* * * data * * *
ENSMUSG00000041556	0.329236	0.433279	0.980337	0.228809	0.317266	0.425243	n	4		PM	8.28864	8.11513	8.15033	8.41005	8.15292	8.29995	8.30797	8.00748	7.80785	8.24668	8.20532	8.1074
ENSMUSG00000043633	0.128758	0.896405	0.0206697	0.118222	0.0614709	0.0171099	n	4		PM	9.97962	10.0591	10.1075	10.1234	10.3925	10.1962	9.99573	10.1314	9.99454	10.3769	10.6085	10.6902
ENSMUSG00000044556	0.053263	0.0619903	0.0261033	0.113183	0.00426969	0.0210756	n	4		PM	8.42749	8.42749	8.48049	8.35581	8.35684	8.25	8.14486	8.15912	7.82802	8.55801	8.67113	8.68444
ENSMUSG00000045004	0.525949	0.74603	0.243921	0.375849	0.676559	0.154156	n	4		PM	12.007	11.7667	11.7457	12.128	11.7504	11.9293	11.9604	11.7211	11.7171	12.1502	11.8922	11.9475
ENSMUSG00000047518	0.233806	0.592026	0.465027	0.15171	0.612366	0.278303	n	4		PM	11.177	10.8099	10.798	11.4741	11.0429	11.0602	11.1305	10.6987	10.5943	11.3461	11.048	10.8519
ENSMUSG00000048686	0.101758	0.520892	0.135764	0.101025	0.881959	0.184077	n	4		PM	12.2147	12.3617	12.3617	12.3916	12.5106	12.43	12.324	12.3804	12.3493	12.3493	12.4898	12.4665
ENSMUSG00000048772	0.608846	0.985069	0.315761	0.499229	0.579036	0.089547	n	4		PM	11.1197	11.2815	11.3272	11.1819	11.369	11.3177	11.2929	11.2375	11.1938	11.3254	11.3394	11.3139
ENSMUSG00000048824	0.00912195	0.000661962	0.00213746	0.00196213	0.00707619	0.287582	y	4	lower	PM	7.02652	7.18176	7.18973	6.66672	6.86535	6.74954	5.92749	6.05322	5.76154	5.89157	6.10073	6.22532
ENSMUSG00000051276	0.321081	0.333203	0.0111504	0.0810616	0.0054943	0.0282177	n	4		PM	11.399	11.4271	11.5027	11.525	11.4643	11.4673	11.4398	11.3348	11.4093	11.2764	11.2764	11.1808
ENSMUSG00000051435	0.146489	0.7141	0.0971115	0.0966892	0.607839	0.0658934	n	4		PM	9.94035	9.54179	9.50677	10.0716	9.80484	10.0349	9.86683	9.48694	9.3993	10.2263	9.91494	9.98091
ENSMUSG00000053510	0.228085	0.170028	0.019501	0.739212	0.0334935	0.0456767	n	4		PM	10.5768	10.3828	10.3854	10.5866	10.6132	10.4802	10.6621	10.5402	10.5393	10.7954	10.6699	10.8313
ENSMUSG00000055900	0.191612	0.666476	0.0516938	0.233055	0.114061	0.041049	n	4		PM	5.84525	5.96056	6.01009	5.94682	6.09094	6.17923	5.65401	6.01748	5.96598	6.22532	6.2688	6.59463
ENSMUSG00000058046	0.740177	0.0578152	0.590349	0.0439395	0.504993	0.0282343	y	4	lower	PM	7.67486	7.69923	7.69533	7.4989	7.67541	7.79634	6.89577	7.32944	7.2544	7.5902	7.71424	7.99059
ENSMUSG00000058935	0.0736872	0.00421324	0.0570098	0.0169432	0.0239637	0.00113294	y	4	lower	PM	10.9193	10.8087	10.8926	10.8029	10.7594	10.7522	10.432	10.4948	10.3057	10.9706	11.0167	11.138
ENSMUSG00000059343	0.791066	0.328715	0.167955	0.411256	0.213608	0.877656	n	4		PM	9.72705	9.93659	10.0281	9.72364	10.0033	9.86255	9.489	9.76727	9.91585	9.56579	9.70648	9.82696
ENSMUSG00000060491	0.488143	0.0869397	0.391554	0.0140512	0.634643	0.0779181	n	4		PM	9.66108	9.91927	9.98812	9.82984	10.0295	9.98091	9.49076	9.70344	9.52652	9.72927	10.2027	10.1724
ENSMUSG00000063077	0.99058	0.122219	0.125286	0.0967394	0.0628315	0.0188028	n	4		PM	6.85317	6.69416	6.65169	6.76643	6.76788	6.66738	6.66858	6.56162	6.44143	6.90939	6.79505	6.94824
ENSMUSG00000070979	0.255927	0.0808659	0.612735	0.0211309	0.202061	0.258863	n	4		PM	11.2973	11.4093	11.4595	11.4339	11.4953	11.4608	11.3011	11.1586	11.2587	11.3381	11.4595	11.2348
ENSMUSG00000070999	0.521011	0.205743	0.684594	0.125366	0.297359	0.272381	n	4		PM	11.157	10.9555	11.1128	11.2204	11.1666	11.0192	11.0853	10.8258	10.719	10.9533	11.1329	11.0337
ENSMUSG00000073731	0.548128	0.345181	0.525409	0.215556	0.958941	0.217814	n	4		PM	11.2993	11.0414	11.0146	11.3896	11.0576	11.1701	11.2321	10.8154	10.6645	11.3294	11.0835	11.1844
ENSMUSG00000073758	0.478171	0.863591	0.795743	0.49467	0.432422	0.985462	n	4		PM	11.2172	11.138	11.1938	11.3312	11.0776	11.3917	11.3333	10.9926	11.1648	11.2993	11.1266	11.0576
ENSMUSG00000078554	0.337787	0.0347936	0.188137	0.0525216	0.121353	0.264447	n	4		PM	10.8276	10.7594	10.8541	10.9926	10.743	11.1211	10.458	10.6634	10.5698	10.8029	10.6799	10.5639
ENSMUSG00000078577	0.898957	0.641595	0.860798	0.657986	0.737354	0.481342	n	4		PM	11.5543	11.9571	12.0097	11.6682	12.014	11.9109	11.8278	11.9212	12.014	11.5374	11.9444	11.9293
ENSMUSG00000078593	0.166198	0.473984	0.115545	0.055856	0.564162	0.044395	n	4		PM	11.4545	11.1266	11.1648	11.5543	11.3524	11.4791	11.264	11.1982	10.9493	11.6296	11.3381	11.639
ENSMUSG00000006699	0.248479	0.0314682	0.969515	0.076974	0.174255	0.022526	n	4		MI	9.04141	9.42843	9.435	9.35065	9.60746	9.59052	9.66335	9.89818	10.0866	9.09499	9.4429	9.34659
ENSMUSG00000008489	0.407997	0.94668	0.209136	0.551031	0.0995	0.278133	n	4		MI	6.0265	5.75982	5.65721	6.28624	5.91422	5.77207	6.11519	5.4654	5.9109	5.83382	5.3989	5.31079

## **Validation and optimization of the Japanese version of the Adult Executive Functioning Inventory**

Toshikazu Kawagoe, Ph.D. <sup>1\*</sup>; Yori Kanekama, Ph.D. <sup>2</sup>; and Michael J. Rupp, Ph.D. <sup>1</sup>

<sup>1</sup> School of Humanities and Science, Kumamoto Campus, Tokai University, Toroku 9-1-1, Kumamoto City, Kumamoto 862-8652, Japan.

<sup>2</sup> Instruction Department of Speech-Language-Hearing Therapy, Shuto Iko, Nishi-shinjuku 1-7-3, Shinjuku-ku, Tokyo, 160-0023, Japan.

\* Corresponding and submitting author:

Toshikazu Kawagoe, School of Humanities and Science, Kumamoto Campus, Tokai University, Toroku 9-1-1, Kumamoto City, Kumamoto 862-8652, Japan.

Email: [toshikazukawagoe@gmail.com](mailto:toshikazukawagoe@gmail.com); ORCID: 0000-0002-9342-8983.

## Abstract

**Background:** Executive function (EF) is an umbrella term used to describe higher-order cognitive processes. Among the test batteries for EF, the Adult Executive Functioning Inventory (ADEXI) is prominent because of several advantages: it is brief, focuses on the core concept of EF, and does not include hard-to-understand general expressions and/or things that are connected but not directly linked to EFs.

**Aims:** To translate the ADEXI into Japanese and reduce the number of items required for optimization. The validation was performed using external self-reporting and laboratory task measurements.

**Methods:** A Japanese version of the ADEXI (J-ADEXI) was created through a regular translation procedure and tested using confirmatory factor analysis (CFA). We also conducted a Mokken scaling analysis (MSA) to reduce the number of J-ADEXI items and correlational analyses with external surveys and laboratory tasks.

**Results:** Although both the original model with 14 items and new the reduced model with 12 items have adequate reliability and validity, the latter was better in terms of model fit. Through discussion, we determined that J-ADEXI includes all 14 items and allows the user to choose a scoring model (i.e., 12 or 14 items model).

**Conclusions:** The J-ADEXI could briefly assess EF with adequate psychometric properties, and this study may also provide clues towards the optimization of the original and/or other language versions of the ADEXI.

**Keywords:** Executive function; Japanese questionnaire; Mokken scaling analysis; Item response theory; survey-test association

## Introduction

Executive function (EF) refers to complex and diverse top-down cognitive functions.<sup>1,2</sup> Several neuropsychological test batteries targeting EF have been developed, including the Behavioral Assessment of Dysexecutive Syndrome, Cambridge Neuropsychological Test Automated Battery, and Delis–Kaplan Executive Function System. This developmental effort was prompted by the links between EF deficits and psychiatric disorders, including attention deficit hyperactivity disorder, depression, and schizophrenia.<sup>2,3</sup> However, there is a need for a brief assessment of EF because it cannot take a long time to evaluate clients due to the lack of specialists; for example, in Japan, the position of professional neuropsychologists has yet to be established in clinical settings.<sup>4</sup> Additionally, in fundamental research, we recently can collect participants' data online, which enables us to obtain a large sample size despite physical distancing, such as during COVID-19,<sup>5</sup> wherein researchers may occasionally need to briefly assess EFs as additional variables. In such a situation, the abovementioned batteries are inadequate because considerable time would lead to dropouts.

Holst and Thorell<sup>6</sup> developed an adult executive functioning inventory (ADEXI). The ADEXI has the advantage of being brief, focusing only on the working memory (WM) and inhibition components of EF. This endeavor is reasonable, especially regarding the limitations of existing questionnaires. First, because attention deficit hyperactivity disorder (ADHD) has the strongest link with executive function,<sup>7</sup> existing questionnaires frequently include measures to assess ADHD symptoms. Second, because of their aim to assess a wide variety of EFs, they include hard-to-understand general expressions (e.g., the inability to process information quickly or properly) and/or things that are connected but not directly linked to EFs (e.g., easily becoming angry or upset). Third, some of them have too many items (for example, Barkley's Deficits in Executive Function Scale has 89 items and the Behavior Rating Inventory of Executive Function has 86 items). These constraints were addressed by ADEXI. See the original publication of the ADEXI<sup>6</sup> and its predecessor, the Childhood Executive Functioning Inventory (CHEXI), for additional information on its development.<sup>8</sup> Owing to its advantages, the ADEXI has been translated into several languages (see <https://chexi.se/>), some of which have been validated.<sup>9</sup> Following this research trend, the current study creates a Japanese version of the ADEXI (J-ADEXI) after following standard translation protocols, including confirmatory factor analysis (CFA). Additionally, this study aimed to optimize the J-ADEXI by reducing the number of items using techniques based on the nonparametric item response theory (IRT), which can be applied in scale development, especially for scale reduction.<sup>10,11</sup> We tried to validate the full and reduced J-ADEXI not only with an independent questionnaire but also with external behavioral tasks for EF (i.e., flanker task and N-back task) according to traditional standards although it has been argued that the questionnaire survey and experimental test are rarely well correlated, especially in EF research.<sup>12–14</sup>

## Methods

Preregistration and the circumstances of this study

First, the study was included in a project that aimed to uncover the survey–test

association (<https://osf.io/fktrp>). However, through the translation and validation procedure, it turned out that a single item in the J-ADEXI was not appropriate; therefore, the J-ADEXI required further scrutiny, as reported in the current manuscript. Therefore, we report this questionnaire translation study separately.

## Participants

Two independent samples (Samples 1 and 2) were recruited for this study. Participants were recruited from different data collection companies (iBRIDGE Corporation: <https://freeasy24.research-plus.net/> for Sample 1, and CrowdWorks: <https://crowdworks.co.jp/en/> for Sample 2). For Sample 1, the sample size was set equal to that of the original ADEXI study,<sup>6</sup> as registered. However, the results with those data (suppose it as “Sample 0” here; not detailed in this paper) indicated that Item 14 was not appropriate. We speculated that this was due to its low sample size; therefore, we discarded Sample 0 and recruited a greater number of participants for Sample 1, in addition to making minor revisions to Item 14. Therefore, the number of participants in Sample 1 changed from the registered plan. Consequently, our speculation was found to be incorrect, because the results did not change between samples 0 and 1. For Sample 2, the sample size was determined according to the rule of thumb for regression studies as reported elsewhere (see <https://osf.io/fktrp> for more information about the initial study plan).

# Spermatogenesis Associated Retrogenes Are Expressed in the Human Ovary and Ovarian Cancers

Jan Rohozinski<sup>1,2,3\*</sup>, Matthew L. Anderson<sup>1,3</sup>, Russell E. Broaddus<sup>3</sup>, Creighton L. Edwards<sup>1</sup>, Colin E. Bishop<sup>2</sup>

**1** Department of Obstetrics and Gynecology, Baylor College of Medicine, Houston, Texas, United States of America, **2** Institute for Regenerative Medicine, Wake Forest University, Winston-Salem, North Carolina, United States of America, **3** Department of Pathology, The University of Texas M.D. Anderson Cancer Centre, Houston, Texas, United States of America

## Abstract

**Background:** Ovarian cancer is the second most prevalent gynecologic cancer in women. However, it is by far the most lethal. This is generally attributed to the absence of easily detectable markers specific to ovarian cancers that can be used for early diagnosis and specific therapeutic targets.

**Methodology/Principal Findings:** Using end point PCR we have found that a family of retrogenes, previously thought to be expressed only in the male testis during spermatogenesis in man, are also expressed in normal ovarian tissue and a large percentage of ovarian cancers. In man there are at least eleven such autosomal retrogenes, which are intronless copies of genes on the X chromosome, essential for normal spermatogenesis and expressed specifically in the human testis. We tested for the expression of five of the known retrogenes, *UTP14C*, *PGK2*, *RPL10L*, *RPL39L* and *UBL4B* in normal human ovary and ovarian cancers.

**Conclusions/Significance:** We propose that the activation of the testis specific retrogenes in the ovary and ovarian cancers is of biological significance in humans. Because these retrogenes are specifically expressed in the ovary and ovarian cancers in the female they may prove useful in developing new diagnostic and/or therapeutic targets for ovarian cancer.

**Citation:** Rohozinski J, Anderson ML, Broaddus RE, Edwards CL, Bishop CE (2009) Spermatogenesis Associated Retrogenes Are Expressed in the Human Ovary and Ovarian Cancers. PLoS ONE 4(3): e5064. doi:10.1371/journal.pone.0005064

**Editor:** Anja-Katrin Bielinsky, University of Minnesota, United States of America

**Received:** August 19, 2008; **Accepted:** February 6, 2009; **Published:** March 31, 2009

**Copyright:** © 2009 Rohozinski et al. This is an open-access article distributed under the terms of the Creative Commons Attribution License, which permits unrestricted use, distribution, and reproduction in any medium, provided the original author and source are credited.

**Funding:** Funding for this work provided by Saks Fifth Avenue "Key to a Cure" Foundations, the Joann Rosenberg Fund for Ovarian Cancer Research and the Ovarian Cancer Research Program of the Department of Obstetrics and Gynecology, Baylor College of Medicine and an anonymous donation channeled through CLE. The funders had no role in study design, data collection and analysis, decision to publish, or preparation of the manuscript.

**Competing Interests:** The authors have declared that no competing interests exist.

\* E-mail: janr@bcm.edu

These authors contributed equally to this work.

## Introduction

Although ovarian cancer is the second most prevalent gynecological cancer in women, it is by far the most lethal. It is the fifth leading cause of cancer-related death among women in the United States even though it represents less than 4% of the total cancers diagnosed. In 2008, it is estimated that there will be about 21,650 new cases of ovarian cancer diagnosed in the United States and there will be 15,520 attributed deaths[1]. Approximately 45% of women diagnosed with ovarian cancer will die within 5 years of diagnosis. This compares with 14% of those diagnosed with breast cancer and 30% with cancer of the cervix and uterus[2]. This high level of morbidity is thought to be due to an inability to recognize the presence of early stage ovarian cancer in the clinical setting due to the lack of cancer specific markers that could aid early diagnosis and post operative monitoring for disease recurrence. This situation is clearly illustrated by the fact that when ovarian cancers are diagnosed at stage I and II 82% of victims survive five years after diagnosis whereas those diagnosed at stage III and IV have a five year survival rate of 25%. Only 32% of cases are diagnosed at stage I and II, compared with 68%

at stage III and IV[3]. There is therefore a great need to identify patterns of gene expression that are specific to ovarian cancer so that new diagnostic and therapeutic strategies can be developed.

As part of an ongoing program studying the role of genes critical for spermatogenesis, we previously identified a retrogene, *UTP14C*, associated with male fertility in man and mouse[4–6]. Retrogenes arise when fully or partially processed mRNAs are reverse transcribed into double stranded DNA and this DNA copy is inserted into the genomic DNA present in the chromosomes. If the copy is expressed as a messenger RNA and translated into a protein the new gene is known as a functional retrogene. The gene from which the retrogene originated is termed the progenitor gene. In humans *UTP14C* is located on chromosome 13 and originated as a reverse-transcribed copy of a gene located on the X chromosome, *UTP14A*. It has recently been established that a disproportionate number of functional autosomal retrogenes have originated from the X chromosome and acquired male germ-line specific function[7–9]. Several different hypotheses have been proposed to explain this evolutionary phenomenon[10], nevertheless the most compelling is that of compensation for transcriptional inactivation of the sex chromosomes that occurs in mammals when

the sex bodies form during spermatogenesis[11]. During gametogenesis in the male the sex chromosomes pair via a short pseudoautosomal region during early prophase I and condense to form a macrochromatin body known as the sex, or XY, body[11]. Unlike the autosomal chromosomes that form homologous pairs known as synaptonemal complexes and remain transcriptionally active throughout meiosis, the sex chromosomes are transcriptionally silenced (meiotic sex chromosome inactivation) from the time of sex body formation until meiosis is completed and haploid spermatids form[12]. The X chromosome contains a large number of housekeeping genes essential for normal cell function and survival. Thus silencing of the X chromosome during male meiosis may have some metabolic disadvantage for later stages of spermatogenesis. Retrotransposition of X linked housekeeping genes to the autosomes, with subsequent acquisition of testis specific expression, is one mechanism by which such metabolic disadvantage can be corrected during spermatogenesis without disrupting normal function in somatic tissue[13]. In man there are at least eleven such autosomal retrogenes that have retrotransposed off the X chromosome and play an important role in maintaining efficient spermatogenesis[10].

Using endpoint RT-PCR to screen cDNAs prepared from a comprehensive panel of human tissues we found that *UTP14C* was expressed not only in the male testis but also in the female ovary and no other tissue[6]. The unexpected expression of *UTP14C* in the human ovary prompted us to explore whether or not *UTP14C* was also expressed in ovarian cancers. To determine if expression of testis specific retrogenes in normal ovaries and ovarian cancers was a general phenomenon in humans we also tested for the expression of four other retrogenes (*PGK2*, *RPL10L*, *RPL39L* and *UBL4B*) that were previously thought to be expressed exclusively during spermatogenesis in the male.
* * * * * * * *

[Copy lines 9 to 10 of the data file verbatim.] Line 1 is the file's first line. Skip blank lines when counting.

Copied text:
ENSMUSG00000051276	0.321081	0.333203	0.0111504	0.0810616	0.0054943	0.0282177	n	4		PM	11.399	11.4271	11.5027	11.525	11.4643	11.4673	11.4398	11.3348	11.4093	11.2764	11.2764	11.1808
ENSMUSG00000051435	0.146489	0.7141	0.0971115	0.0966892	0.607839	0.0658934	n	4		PM	9.94035	9.54179	9.50677	10.0716	9.80484	10.0349	9.86683	9.48694	9.3993	10.2263	9.91494	9.98091